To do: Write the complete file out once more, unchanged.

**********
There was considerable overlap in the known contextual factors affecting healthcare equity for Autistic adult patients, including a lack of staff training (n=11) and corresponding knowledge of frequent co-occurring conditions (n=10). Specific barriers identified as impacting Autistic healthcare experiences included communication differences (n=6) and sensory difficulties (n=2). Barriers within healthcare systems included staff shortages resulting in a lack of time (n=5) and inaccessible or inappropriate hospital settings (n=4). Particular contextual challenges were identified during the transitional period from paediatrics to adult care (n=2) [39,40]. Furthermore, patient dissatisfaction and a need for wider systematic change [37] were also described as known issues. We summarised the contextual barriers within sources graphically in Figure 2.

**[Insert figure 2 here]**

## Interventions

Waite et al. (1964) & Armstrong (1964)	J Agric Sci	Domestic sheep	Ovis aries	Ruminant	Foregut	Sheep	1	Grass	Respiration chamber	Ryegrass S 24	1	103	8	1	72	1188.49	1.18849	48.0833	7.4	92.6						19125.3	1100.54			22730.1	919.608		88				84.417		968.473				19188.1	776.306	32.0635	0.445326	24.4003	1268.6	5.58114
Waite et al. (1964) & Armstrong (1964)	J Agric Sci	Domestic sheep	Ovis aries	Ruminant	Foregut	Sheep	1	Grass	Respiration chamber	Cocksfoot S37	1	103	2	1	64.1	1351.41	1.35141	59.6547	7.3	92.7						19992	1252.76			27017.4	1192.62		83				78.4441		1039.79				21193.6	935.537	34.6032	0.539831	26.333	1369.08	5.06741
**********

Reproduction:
There was considerable overlap in the known contextual factors affecting healthcare equity for Autistic adult patients, including a lack of staff training (n=11) and corresponding knowledge of frequent co-occurring conditions (n=10). Specific barriers identified as impacting Autistic healthcare experiences included communication differences (n=6) and sensory difficulties (n=2). Barriers within healthcare systems included staff shortages resulting in a lack of time (n=5) and inaccessible or inappropriate hospital settings (n=4). Particular contextual challenges were identified during the transitional period from paediatrics to adult care (n=2) [39,40]. Furthermore, patient dissatisfaction and a need for wider systematic change [37] were also described as known issues. We summarised the contextual barriers within sources graphically in Figure 2.

**[Insert figure 2 here]**

## Interventions

Waite et al. (1964) & Armstrong (1964)	J Agric Sci	Domestic sheep	Ovis aries	Ruminant	Foregut	Sheep	1	Grass	Respiration chamber	Ryegrass S 24	1	103	8	1	72	1188.49	1.18849	48.0833	7.4	92.6						19125.3	1100.54			22730.1	919.608		88				84.417		968.473				19188.1	776.306	32.0635	0.445326	24.4003	1268.6	5.58114
Waite et al. (1964) & Armstrong (1964)	J Agric Sci	Domestic sheep	Ovis aries	Ruminant	Foregut	Sheep	1	Grass	Respiration chamber	Cocksfoot S37	1	103	2	1	64.1	1351.41	1.35141	59.6547	7.3	92.7						19992	1252.76			27017.4	1192.62		83				78.4441		1039.79				21193.6	935.537	34.6032	0.539831	26.333	1369.08	5.06741